Photo by Benjamin Williamson
Q: What are “dark sky friendly” exterior fixtures?
A: Sounds like an oxymoron, right? Outdoor lamps are there to illuminate the darkness, helping us move around safely. But in so doing, many also allow light to escape into the night sky, a phenomenon known as light pollution that masks our view of the stars. In fact, an international group of scientists recently determined that the Milky Way is invisible to more than one-third of the world’s population, including nearly 80 percent of North Americans. Light pollution also contributes to energy waste, disrupts many ecological processes, particularly for nocturnal animals, and can have a negative impact on human health, interrupting sleep and causing headaches, stress, and anxiety.
In 2008, Bar Harbor — home to Acadia National Park, one of the most blissfully dark places on the eastern seaboard — passed an ordinance regulating outdoor lighting on all new construction in town. To comply, fixtures over 1,800 lumens must be “dark sky friendly” — i.e., have casings or canopies that shield the bulbs, preventing them from being seen from above. Other cities and towns, including Portland, have their own ordinance requirements for lighting; check with your municipality to find out what the rules are.
No matter where you live, I recommend choosing warm (no more than 3,000 Kelvin), dimmable LED downlights, like those described above, to curb light pollution, reduce glare, and create a soothing — versus blinding — outdoor environment. Remember also that you don’t need many fixtures to make an impact outside; learn about my less-is-more approach to landscape lighting here.
As for dark sky-compliant fixtures, these picks will adequately illuminate your home and yard and facilitate stargazing.
Cover Photo: On Acadia National Park’s Schoodic Peninsula, Down East’s director of photography, Benjamin Williamson, captured the Milky Way and bioluminescence in the water.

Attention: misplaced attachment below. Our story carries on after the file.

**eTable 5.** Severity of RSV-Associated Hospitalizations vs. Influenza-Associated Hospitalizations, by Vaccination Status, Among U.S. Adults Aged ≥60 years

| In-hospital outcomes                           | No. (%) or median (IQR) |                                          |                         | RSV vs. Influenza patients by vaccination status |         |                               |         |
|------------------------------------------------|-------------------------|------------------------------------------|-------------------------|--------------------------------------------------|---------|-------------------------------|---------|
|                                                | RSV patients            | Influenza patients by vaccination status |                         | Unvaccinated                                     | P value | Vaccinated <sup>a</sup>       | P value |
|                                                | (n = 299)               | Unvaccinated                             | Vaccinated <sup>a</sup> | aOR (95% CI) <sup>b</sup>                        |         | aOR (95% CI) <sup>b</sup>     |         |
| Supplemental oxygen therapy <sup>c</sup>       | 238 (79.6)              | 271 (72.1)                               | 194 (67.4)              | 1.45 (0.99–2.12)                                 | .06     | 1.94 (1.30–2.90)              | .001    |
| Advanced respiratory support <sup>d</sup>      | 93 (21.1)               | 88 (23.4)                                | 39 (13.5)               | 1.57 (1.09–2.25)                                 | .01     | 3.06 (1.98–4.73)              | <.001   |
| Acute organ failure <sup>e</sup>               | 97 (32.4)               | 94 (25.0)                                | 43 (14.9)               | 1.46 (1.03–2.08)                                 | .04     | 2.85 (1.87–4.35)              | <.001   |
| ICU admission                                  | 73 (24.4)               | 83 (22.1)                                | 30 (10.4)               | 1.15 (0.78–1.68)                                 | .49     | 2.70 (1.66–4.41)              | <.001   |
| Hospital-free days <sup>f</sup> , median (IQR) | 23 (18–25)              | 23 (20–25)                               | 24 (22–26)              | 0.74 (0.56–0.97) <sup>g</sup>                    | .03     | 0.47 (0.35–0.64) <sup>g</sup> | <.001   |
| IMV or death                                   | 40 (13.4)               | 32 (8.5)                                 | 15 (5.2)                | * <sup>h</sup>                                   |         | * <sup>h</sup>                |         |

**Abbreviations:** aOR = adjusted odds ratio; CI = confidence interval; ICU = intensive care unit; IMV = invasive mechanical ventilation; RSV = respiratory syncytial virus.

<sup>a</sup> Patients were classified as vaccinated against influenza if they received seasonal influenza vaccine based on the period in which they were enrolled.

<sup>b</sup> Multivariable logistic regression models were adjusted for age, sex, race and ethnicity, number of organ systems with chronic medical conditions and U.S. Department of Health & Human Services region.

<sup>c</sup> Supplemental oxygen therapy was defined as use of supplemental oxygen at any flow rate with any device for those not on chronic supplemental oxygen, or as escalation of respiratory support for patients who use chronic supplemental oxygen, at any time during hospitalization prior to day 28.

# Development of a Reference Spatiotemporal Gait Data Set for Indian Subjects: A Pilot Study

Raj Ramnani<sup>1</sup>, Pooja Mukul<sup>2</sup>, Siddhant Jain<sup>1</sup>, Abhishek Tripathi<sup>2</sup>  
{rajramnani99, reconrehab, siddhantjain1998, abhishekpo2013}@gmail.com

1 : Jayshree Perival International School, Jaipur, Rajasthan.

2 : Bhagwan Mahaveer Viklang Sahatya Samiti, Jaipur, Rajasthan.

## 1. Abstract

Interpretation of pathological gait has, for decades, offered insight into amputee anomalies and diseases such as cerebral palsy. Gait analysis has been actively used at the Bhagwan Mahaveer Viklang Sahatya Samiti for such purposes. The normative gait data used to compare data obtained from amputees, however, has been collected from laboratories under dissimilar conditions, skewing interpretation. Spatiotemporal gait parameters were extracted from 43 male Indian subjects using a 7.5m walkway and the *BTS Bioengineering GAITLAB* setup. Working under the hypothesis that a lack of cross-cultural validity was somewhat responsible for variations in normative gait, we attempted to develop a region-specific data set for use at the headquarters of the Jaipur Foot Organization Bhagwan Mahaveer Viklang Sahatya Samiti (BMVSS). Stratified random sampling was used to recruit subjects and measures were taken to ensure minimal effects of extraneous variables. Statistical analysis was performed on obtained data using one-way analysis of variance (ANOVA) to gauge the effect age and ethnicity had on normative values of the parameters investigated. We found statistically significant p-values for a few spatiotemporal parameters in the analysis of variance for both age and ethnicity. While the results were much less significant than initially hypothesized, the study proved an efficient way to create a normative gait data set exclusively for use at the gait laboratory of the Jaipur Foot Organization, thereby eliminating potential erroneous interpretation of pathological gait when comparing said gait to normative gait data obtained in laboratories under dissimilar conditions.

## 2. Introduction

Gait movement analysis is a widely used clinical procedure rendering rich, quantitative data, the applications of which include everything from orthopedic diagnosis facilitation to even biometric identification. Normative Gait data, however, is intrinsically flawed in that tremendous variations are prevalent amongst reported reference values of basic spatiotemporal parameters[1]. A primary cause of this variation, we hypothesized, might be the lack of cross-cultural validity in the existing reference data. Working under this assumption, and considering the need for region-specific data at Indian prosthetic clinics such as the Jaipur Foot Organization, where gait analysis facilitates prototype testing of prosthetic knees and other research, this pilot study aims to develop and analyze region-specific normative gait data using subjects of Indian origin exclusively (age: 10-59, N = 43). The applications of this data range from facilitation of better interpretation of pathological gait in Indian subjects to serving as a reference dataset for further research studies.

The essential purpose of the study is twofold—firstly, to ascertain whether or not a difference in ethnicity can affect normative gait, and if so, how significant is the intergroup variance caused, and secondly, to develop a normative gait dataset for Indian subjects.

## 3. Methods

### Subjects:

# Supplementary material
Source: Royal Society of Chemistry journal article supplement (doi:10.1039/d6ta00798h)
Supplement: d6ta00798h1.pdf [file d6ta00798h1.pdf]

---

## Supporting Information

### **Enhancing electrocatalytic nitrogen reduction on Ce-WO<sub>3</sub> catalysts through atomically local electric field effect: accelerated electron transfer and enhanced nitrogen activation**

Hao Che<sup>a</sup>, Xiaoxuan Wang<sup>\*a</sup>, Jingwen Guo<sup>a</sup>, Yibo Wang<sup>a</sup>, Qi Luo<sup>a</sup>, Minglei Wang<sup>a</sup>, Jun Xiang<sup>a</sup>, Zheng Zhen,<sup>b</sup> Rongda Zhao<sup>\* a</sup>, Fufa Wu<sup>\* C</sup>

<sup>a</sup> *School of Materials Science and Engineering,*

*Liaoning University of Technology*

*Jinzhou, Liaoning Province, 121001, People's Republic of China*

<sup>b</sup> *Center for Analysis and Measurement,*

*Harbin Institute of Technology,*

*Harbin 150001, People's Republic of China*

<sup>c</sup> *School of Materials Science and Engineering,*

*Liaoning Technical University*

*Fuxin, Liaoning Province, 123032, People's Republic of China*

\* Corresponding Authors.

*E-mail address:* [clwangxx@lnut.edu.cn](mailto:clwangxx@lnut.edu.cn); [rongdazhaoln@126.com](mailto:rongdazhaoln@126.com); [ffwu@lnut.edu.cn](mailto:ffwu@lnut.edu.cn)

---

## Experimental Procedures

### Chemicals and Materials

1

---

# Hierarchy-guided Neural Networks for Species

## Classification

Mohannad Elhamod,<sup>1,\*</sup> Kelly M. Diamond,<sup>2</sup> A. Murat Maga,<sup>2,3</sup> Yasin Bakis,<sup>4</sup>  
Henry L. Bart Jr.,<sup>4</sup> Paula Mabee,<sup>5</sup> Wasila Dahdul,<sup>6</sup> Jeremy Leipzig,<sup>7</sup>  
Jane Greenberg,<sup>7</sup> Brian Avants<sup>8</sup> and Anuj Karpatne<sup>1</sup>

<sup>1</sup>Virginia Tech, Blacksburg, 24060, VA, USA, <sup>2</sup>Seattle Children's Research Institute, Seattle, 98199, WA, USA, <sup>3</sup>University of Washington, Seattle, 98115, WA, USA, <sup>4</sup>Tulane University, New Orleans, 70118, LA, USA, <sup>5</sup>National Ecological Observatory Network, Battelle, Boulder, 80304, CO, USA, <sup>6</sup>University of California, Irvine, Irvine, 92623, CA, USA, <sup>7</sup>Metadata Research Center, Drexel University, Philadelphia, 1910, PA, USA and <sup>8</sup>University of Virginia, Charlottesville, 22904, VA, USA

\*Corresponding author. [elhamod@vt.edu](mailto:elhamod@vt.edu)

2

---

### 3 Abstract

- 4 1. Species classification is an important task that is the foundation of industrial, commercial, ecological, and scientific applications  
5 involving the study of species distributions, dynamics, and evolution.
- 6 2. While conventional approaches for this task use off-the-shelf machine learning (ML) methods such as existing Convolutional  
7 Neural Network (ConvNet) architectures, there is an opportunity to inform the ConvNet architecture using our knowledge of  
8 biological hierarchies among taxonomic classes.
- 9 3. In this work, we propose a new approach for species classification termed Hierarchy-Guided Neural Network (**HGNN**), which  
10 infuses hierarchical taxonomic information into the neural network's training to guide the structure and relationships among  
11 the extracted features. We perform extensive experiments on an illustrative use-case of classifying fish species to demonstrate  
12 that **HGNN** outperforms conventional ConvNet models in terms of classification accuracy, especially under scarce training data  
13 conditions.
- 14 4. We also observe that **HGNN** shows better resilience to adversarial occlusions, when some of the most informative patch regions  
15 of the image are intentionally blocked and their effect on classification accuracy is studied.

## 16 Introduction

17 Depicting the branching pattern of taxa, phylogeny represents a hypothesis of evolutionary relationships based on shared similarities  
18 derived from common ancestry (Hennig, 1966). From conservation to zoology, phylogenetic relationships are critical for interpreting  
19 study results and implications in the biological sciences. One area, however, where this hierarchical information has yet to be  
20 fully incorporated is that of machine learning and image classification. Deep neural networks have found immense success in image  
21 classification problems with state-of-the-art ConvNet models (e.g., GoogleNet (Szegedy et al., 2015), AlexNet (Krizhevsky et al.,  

What follows is a reprint of an article about Euroluce, Europe’s amazing lighting show.
|Laura Van Zeyl
By Laura Van Zeyl
Euroluce made its bi-annual appearance in Milan last week as part of the annual Salone Internazionale del Mobile furniture fair at Fiera Milano Rho just outside Italy’s fashion capital. A staggering 320,000 attendees take part — that’s more than twice the attendance at the Consumer Electronics Show, just to put it in perspective.
The crowds boost the excitement and energy level at an event that’s already elevated in terms of its elaborate booth displays. These stunning temporary presentations often feel like art installations that celebrate design for its own sake — and the designers behind the creations.
With such abundant originality in each booth, it’s hard to discern “trends” per se, but at this year’s show, there were a few recurring themes worth noting:
Design potential of LED. This compact and increasingly practical light source is like a new toy in the hands of designers eager to explore new forms. The most common use of LED seemed to be to hide it around the perimeter of a shape and graze a surface at the center, sometimes bringing out raised designs, textures or trompe l’oeil effects of dimensionality. Only a few of the contemporary exhibitors didn’t integrate LED, speculating that retrofit bulb options would allow LED to be used if desired. But in my view, this misses the point of taking advantage of LED’s unique properties.
Mixed media. The incorporation of wood into frames of lamps and fixtures may not feel new since we’ve seen that already stateside, but it was groundbreaking for many glass manufacturers at Euroluce. When your reputation for a particular craft dates back centuries, as it does for many of these Italian exhibitors, you’re very deliberate about selecting other materials to sit alongside your masterpieces. Walnut was the most popular choice, which had the right richness to hold its own with mouth-blown glass.
Glossy or ghostly white. Gloss white finishes are another trend already present here as well, but the contours of the sculptural shapes seen at Euroluce just seemed sexier in application. Polished chrome accents were an equally sleek complement. In a more organic vein, matte and textured white finishes conveyed a purity of form in fabrics, papers and fiberglass. These looks had very little, if any, additional adornment or framing to potentially kill the ethereal mood.
Retro modern. Nostalgic silhouettes felt delightfully ironic when they housed cutting-edge LED technology. Classic Midcentury Modern styles were exaggerated to emphasize the reference but also indicate that it was only a jumping-off point to take us into the future. The retro vibe was present in display as well as in design, from LZF’s Blue Note-inspired album art to Ares’ homage to Studio 54.
I thought you might be interested in what is happening in the world of lighting. Please visit FoggLighting.com and like us on Facebook.